CLEARWATER, Fla. -- Here's all you need to know about what this World Baseball Classic means in the Dominican Republic:
The president of the country interrupted his busy schedule recently to tell his nation -- not to mention the men who play baseball for his nation:
"I think the Dominican Republic should take this opportunity to tell the world who we are."
Oh. And one more thing:
"And what I ask the stars," president Danilo Medina said, "is to give a small step forward to lift up the country."
But what about the guys who are on this team? Let's just say it looked on Tuesday like they got the message.
In their first pre-WBC exhibition game, all those guys did to entertain themselves was whomp the Phillies 15-2, crank 28 hits along the way and actually get kind of down at the end that they didn't get 30. Seriously.
"I heard one of the guys [in the dugout] say, 'We need two more hits to get 30 hits,'" said three-time WBC participant Miguel Tejada afterward. "I said, 'Wow. Incredible.'"
Yeah, it was incredible, all right, considering that only seven teams have gotten 28 hits (or more) in a regular-season game in the past 50 years -- and the Phillies hadn't given up 28 hits in a regular-season game in 82 years.
So just wondering: How many would this team have gotten if Pujols, Ortiz and Bautista played? Like 40 hits? Maybe 50?
But here's what's even more incredible: Four years ago, the WBC didn't go quite this thrillingly for a Dominican team that did include Ortiz, Bautista and a true All-Star cast. That team got bounced from the festivities in the first round. The first round. It then headed home early, while the Netherlands -- ouch, the Netherlands -- moved on.
Back home on the island, that wasn't just a defeat. It was a national embarrassment.
So for this team -- which will begin pool play Thursday in Puerto Rico in a group that includes Venezuela, Puerto Rico and Spain -- the heat is on. But these men got that memo a long time ago. And they're ready for it.
Asked about that pressure on Tuesday, Dominican general manager Moises Alou never even tried to dance his way out of that spotlight.
"I hate to say pressure, but we have to come out of [the first round in] Puerto Rico, you know?" Alou said. "I mean, we're going to. We have to. And we're going to -- because of what happened last time."
Last time. They're the two words this team has no chance to escape. Last time is still stuck in every gut, every crevice, every memory bank in the country. So this 2013 edition doesn't just have to make up for last time. Or make people forget last time. It's on a greater mission -- to restore national pride and dignity.
This team has been officially assigned by its president, remember, to "tell the world who we are" -- regardless of who is playing for this team. Or, most notably, who isn't.
When he first got this job, Alou said Tuesday, he began with a list of 50 players. Of those 50, he admitted, "there's not many guys here today." That's not his fault. But he knows not everyone in his country will see it that way.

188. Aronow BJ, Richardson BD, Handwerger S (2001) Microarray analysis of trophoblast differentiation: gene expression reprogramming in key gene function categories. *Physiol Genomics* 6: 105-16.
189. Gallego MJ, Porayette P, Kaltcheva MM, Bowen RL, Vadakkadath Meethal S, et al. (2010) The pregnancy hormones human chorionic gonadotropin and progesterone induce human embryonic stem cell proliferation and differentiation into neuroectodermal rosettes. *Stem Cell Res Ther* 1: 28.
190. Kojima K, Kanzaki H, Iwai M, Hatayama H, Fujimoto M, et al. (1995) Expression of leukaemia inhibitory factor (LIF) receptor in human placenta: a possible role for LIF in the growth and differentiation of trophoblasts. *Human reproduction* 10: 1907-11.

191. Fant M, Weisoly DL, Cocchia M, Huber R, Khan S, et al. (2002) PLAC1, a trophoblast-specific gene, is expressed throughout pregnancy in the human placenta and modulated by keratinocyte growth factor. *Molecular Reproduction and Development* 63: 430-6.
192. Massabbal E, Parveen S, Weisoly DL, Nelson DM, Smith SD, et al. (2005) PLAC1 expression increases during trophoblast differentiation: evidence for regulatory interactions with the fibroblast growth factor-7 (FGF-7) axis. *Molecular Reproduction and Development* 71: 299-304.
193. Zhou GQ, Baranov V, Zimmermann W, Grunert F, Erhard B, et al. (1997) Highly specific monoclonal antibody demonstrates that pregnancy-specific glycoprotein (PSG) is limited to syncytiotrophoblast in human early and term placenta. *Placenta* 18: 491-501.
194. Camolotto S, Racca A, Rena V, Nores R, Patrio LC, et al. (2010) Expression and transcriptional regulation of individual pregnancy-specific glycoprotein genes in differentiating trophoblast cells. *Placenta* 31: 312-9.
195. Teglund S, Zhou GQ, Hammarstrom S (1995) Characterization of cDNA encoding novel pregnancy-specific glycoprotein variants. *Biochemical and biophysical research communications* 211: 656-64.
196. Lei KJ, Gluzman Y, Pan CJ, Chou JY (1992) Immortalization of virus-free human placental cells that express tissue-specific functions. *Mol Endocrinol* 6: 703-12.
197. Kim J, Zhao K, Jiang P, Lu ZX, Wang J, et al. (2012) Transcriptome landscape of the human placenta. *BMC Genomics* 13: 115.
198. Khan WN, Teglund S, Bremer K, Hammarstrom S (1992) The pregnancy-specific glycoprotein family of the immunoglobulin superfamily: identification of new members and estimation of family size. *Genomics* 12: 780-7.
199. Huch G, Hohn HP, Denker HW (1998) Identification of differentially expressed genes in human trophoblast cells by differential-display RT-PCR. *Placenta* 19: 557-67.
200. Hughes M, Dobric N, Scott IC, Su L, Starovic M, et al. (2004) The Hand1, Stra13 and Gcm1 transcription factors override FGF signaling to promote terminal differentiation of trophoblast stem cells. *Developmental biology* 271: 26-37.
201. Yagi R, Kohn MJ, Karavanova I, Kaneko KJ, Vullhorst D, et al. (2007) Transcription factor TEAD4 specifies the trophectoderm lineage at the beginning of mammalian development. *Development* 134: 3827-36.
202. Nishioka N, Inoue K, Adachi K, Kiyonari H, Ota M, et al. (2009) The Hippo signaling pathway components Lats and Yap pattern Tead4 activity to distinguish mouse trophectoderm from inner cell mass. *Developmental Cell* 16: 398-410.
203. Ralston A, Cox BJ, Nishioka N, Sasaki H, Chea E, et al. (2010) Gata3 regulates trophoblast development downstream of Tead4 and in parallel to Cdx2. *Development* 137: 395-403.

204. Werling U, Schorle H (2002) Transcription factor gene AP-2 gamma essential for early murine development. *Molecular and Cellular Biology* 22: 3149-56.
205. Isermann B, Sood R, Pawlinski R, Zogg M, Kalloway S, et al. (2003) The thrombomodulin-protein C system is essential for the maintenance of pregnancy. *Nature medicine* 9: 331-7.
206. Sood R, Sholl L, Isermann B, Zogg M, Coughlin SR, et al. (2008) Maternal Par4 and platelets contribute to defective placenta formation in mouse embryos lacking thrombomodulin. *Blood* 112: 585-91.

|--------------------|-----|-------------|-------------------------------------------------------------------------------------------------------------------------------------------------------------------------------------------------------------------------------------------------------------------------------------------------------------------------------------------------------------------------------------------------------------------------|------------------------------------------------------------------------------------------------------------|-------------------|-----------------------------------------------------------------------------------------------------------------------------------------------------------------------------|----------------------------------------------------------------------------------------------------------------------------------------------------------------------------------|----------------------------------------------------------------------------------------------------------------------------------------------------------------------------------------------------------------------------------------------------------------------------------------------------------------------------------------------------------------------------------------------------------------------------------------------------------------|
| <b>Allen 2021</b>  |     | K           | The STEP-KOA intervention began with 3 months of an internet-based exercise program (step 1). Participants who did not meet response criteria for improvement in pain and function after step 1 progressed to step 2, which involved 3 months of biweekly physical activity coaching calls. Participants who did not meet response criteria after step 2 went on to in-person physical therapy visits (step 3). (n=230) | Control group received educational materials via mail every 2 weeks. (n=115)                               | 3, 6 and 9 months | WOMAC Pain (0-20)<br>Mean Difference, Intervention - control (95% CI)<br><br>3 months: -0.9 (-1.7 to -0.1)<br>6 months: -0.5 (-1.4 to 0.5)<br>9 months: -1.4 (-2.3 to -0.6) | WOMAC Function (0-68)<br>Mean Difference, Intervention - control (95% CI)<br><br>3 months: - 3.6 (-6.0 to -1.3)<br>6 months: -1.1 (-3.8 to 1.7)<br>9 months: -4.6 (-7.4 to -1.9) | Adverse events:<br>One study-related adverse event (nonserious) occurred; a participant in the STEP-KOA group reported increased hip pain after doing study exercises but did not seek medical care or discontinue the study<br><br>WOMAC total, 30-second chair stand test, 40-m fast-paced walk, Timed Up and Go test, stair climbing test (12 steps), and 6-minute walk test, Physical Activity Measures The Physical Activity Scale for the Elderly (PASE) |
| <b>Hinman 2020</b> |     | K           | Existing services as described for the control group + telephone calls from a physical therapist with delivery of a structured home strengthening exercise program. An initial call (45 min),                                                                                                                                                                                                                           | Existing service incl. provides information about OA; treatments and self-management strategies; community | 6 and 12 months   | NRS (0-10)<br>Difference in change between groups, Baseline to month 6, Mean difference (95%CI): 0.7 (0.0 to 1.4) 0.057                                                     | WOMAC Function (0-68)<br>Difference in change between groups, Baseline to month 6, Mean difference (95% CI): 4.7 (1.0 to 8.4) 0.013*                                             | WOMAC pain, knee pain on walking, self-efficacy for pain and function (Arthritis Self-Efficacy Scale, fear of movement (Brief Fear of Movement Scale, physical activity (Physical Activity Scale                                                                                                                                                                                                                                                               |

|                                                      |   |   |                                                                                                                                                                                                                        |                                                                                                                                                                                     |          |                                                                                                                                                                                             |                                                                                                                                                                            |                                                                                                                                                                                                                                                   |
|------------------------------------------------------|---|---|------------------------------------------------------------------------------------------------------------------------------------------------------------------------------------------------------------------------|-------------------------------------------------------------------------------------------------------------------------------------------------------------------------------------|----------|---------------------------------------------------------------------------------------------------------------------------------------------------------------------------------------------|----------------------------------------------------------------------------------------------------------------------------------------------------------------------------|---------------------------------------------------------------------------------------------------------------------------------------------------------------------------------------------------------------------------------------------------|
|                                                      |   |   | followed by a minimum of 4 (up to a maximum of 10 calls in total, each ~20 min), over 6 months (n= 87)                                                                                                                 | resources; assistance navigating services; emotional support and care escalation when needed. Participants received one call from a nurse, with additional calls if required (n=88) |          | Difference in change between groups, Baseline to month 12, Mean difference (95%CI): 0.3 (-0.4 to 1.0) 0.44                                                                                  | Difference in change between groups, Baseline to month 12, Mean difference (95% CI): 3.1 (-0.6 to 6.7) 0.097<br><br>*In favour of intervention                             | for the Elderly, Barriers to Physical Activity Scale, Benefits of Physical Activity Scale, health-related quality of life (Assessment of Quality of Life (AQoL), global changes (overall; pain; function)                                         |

"I'm not going to look for any excuse," he said. "We've got pretty much the hand we were dealt. This is the best team we could put on the field. It's not like I had the other guys available and I didn't put them on the team. That would have been different.
"But, you know what?" he said. "From day one, I got the manager that I wanted [Tony Pena]. I got the coaches that I wanted to be on the team. And I got the players who really wanted to be here. And that's the one thing I wanted."
The good news is, those "players who really wanted to be here" aren't real concerned with the guys who didn't want to. Or weren't allowed to.
"The chemistry this team has is unbelievable," said Jose Reyes, another three-time WBC veteran, after that 28-hit barrage. "This team that we have, we have a lot of energy. We're hungry to play the game, because we know what happened the first two WBCs. We know this is our opportunity."
And it is. For one thing, they've assembled a veritable Dominican Infield Hall of Fame -- with Reyes at short, Robinson Cano at second, Hanley Ramirez and Tejada at third and Edwin Encarnacion at first. And if they get through the first round, they could add Adrian Beltre to that group.
"It's possible," said Pena. "I saw he played yesterday [for the Rangers]."
There's also Carlos Santana behind the plate, Nelson Cruz in right and a potentially dominating bullpen of Fernando Rodney, Octavio Dotel, Pedro Strop, Jose Veras and Kelvin Herrera, behind a rotation fronted by Wandy Rodriguez and Edinson Volquez.
In a format with strict pitch counts for starters in the first two rounds, that bullpen "is very, very important," Pena said. "And that's our strength, is our bullpen."
So this is a team very capable of winning the whole extravaganza. Still, the buzzing back home is about the men who chose not to play. Imagine that.
In the United States, players who bow out of the WBC are readily forgiven. But in the Dominican, "it's a lot different," Alou said. "And that's one thing I'm very careful with. When I speak to the Dominican media, I say, 'Do not hate those guys.' I never say who told me, 'No, I'm not going to play.' I say, 'His team didn't want him to,' or, 'I blame the agent.' Because there's hate. They're going to hate some guys who don't play for the Dominican team."
And that hatefest will be lurking throughout the tournament, ready to roar to life if this team doesn't fulfill its mission. But at least for one astounding 28-hit afternoon, all was well with Team Dominicana.
"We all know what happened last time," said Tejada, who got four of those hits. "We're not going to feel comfortable against anybody. It doesn't matter how many runs we score in the game early. We've got to play hard, even in a game like today.
"We all can't wait to play this game today, because we all want to show the whole world that we have a great team."